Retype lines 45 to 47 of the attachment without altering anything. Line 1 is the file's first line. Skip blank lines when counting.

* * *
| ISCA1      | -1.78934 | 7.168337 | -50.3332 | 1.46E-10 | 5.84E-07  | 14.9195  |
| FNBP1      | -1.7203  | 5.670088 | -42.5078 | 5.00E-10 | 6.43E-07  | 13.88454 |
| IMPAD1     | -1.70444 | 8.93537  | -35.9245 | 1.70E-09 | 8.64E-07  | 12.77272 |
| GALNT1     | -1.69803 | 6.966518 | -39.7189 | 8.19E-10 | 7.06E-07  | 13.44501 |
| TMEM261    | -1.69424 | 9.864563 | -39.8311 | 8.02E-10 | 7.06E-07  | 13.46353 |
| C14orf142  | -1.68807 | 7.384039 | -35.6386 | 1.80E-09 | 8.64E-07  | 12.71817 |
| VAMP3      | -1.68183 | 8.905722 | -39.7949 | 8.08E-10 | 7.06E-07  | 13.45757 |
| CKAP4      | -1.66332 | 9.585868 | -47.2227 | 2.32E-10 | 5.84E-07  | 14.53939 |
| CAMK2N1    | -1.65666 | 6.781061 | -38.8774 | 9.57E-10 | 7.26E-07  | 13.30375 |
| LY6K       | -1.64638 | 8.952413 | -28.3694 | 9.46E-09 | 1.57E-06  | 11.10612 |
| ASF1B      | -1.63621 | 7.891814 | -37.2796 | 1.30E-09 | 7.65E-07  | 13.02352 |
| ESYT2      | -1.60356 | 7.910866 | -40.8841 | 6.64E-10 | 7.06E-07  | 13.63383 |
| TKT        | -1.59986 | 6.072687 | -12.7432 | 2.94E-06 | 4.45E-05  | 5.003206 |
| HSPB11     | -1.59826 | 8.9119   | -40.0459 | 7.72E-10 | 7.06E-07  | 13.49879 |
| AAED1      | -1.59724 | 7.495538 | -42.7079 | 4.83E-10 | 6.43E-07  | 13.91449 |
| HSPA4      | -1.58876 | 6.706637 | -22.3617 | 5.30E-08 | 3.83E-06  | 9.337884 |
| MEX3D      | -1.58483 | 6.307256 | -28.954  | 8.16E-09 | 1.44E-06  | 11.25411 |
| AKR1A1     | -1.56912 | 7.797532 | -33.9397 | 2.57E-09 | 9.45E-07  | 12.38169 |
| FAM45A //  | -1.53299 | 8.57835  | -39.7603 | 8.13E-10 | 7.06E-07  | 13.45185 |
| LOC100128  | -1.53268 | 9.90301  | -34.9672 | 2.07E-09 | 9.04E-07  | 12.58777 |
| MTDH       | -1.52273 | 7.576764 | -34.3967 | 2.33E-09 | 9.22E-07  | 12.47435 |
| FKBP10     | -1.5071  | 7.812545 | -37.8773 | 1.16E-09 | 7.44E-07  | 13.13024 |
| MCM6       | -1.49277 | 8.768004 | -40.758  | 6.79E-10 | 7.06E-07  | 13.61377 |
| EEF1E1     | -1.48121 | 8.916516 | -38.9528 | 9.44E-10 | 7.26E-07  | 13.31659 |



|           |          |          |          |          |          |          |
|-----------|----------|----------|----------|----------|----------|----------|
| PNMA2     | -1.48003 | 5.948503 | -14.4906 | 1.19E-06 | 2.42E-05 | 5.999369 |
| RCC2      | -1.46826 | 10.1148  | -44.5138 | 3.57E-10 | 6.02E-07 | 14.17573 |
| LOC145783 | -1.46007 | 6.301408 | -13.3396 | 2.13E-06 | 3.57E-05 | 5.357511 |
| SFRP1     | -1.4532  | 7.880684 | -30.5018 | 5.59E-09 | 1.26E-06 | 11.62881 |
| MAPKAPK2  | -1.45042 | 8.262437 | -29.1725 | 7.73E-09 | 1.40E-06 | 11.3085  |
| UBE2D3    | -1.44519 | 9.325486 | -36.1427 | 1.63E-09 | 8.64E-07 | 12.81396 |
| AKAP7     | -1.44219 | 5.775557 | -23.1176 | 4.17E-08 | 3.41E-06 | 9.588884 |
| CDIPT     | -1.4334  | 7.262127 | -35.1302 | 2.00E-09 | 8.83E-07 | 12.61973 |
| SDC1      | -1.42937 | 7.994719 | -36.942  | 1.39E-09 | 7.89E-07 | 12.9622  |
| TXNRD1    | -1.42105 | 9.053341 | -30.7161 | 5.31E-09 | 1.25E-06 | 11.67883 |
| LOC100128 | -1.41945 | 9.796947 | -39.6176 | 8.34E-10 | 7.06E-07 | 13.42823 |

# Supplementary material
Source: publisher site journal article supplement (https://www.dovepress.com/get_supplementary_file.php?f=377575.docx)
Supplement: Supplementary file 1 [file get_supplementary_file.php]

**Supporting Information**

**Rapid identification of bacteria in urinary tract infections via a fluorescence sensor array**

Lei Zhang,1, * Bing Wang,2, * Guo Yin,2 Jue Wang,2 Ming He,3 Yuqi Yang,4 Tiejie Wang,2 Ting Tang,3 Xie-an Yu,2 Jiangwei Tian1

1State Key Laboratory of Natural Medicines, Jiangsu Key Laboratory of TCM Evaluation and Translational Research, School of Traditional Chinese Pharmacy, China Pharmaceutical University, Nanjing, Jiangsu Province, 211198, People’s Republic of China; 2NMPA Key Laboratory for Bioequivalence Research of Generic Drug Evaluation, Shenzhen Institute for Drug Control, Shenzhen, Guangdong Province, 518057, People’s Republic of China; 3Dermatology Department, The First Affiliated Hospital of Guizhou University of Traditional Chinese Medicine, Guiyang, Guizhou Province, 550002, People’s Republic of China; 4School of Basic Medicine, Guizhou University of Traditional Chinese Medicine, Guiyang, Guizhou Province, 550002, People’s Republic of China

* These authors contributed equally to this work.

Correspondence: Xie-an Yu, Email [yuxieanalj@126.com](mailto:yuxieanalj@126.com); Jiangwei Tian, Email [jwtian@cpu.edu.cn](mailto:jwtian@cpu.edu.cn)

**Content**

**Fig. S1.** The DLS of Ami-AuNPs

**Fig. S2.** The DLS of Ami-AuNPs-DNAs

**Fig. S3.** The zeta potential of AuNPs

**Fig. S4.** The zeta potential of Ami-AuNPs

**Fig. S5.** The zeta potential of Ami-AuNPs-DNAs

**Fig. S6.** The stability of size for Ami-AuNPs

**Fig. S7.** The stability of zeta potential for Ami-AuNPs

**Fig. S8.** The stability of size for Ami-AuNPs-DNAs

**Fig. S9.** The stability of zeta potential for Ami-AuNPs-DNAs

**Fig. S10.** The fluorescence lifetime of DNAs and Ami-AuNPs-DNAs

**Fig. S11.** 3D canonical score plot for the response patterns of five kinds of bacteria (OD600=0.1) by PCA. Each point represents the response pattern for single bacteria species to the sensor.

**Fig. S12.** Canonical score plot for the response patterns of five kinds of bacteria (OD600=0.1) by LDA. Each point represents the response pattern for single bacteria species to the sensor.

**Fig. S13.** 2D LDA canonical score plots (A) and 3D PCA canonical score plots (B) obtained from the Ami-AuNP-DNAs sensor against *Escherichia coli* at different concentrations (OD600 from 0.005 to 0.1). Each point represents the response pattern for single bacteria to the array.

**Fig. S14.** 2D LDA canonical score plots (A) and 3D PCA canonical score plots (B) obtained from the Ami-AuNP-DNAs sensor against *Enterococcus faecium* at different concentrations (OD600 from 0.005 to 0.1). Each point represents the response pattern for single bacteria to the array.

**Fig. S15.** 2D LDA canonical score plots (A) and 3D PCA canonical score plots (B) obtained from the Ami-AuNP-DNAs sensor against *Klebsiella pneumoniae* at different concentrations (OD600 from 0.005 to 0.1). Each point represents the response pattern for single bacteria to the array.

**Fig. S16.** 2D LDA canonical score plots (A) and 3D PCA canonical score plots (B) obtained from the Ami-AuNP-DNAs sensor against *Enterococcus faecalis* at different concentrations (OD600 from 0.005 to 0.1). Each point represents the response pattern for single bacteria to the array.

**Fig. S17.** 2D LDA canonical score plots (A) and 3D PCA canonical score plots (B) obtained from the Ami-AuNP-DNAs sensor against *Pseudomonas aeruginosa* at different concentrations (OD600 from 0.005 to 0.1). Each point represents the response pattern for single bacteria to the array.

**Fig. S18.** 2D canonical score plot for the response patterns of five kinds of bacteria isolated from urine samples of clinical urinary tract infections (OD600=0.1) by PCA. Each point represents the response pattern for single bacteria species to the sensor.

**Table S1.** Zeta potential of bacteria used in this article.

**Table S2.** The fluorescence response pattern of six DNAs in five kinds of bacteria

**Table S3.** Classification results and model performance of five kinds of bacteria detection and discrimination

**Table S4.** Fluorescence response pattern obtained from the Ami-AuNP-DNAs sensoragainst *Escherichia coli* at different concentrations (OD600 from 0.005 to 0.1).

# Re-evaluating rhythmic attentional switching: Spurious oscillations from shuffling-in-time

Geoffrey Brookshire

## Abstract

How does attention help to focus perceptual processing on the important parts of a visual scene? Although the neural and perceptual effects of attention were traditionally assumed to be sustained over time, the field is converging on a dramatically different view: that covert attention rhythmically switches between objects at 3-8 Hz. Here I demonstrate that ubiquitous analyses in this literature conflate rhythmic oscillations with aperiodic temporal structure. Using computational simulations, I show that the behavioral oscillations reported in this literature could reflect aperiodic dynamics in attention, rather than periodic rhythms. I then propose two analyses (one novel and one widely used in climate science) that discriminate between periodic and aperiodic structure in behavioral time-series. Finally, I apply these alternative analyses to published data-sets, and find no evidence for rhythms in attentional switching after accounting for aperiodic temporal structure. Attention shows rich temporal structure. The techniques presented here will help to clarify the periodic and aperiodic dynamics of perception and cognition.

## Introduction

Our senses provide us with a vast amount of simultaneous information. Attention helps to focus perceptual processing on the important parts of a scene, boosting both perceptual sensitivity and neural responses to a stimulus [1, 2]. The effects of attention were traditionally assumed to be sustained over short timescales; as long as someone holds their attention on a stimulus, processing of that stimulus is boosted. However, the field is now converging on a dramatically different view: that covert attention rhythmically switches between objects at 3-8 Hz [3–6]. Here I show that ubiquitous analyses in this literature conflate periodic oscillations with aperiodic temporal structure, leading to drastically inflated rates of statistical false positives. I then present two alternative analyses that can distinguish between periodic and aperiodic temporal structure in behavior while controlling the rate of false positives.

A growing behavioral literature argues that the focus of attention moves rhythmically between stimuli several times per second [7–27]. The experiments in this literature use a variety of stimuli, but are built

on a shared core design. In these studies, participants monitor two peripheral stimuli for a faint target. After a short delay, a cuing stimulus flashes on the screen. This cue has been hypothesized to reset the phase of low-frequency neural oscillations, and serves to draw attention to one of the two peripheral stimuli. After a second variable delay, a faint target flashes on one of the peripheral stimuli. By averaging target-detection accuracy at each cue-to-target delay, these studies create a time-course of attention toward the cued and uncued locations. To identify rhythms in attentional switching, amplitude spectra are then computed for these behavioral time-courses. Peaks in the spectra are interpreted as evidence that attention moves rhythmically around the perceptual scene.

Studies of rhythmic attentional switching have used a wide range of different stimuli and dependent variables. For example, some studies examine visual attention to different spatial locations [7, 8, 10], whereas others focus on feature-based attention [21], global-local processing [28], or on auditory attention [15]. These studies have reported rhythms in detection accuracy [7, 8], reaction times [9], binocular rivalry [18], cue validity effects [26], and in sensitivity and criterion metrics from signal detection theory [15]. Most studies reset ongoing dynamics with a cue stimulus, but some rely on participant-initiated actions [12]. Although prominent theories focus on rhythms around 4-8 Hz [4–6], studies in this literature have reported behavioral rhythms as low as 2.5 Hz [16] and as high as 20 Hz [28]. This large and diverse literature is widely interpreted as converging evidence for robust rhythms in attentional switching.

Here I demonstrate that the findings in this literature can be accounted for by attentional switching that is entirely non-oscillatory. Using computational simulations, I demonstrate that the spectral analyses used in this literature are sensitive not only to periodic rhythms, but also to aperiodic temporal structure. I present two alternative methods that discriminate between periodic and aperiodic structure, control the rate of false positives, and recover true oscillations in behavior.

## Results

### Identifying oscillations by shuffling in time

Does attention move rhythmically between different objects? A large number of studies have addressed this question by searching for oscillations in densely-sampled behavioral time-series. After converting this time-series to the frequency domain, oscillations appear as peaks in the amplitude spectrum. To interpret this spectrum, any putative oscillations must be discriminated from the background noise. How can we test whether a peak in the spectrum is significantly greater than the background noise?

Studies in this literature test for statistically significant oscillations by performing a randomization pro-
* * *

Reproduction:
* These authors contributed equally to this work.

Correspondence: Xie-an Yu, Email [yuxieanalj@126.com](mailto:yuxieanalj@126.com); Jiangwei Tian, Email [jwtian@cpu.edu.cn](mailto:jwtian@cpu.edu.cn)

**Content**